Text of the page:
NEW YORK – Disco queen Donna Summer, whose pulsing anthems such as “Last Dance,” “Love to Love You Baby” and “Bad Girls” became the soundtrack for a glittery age of sex, drugs, dance and flashy clothes, has died. She was 63.
Summer died of cancer Thursday in Naples, Fla., said her publicist, Brian Edwards. Her family released a statement saying they “are at peace celebrating her extraordinary life and her continued legacy.”
Summer came to prominence just as disco was burgeoning, and came to define the era with a string of No. 1 hits and her luxurious hair and glossy, open lips.
Disco became as much defined by her sultry, sexual vocals – her bedroom moans and sighs – as the relentless, pulsing rhythms of the music itself.
Elton John said in a statement that Summer was more than the Queen of Disco.
“Her records sound as good today as they ever did. That she has never been inducted into the Rock ’n’ Roll Hall of Fame is a total disgrace especially when I see the second-rate talent that has been inducted,” he said.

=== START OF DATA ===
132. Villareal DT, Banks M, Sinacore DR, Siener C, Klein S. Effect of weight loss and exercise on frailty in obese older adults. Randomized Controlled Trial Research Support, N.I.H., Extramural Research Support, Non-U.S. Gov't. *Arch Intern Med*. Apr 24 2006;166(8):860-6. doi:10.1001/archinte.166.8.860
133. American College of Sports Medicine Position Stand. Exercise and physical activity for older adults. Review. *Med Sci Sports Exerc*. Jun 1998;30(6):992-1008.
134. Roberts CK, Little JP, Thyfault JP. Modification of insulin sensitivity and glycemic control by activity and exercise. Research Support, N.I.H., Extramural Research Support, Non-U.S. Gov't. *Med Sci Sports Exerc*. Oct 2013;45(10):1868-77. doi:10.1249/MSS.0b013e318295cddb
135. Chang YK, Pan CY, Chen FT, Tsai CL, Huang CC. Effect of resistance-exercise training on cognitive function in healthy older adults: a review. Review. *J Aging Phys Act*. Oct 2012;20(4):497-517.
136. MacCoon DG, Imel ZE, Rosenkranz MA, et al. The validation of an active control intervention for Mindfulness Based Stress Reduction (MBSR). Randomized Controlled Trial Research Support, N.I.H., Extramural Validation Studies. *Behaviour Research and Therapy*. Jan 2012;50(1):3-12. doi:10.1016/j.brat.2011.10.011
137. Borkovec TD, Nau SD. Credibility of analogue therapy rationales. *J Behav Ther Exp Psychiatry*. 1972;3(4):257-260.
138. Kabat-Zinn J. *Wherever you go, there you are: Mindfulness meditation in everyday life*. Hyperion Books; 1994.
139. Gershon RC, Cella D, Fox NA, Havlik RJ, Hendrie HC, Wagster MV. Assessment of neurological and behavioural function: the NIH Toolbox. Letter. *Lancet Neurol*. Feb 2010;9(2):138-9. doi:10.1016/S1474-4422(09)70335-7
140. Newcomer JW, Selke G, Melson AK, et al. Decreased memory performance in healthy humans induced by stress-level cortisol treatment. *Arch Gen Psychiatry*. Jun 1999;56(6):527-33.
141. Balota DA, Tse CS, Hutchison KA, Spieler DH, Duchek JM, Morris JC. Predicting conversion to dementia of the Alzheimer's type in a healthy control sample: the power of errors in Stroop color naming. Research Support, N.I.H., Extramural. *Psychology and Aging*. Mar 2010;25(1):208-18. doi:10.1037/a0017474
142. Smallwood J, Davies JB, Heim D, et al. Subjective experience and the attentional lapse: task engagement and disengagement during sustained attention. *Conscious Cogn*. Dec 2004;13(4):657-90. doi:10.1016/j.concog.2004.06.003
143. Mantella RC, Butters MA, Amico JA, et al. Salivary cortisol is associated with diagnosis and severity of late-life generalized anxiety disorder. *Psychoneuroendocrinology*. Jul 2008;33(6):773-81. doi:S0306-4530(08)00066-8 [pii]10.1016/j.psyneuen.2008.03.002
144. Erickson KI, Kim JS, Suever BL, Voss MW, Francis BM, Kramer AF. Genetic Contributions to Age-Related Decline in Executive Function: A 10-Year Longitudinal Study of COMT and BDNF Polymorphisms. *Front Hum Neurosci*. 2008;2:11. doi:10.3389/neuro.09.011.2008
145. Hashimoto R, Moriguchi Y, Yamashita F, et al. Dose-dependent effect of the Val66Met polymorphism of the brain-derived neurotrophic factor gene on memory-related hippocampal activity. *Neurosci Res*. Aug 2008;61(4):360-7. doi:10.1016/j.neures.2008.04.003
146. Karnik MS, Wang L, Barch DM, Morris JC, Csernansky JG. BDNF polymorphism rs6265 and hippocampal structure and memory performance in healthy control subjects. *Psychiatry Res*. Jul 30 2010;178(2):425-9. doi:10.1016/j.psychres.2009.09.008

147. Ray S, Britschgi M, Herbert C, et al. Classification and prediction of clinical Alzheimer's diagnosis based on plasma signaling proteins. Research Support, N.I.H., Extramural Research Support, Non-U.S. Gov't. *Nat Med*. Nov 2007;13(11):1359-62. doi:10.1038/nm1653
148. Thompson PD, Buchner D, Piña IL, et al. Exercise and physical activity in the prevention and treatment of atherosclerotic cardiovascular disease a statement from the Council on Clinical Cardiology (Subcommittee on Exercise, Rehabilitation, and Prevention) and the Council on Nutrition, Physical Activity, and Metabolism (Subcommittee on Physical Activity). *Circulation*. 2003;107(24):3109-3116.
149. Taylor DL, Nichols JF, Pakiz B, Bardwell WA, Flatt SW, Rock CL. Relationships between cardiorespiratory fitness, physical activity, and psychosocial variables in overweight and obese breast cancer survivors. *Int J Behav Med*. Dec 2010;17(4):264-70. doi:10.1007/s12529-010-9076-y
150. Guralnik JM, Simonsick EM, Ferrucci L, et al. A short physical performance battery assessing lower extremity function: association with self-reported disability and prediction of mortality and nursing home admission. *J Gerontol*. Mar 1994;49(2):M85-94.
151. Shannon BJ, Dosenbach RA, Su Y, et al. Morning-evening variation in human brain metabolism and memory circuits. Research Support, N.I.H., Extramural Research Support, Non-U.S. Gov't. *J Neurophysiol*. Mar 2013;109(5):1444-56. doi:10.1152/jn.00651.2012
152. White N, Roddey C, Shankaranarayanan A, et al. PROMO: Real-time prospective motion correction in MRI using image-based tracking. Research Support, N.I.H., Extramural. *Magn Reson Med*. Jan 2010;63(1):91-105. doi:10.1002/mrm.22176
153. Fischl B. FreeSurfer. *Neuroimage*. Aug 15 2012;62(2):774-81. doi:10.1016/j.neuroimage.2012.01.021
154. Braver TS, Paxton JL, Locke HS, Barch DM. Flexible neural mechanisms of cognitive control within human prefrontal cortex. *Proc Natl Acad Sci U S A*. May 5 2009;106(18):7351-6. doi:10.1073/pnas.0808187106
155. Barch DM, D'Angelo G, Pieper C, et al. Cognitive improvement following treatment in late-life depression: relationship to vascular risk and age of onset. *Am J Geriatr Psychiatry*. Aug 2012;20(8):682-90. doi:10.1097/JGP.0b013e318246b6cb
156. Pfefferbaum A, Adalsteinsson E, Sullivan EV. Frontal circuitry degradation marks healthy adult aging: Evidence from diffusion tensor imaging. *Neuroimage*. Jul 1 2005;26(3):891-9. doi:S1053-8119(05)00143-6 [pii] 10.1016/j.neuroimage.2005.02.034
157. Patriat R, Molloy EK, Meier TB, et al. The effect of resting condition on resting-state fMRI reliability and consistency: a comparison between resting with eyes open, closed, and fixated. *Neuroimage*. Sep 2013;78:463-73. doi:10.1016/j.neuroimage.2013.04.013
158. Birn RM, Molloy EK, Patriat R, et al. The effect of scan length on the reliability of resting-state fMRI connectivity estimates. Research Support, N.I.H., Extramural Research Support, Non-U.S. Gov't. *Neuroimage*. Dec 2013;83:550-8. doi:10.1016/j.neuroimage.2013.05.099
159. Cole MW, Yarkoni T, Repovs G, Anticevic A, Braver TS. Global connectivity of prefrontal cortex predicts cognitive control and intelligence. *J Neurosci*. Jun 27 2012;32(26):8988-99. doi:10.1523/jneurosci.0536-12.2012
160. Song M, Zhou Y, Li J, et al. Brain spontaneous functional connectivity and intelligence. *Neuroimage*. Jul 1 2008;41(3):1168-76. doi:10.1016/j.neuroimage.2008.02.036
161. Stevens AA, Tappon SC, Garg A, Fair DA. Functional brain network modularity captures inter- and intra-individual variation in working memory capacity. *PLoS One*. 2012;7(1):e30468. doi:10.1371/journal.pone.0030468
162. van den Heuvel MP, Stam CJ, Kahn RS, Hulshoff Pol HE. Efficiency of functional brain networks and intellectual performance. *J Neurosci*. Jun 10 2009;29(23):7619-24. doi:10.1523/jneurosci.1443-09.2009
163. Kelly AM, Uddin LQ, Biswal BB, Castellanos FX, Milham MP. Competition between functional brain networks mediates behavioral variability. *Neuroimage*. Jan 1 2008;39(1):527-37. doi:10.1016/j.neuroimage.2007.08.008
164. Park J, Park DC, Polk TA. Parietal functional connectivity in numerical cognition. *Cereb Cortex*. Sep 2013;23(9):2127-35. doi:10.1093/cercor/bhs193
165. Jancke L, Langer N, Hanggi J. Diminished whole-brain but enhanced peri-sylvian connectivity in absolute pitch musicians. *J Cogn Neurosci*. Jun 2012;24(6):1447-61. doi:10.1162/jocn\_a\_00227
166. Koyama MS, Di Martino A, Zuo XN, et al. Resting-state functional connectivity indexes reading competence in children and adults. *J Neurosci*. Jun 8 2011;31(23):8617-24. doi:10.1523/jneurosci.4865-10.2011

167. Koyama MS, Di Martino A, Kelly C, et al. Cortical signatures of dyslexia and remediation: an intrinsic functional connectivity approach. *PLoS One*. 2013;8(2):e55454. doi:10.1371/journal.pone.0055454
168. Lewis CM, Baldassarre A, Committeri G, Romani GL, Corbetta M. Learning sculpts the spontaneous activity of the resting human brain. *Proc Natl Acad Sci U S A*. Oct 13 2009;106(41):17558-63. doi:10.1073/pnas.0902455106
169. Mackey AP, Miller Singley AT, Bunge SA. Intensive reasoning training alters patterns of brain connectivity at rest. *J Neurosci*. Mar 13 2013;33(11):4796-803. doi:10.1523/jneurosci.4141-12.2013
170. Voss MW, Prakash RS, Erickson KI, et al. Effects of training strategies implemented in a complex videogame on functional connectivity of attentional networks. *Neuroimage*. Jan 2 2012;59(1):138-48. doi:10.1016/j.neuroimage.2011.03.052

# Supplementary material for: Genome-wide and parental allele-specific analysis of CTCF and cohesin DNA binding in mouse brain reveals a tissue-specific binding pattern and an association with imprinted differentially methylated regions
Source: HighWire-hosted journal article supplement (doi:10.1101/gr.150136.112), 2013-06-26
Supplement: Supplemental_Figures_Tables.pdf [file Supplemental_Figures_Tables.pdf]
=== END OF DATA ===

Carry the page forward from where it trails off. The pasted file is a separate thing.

“Love to Love You Baby,” with its erotic moans, was Summer’s first hit and one of the most scandalous songs of the polyester-and-platform-heel era. The song was later sampled by LL Cool J, Timbaland and Beyonce.
Unlike some other stars of disco who faded as the music became less popular, Summer was able to grow beyond it and later segued to a pop-rock sound. She had one of her biggest hits in the 1980s with “She Works Hard for the Money,” which became another anthem, this time for women’s rights.
Soon after, Summer became a born-again Christian. Religion played an important role in her life in later years, said Michael Levine, who briefly worked as her publicist.
“She was very committed to God, spirituality and religion. Her passion in her life, besides music, was God, spirituality and religion. She held a Bible study class at her home every week,” he said.
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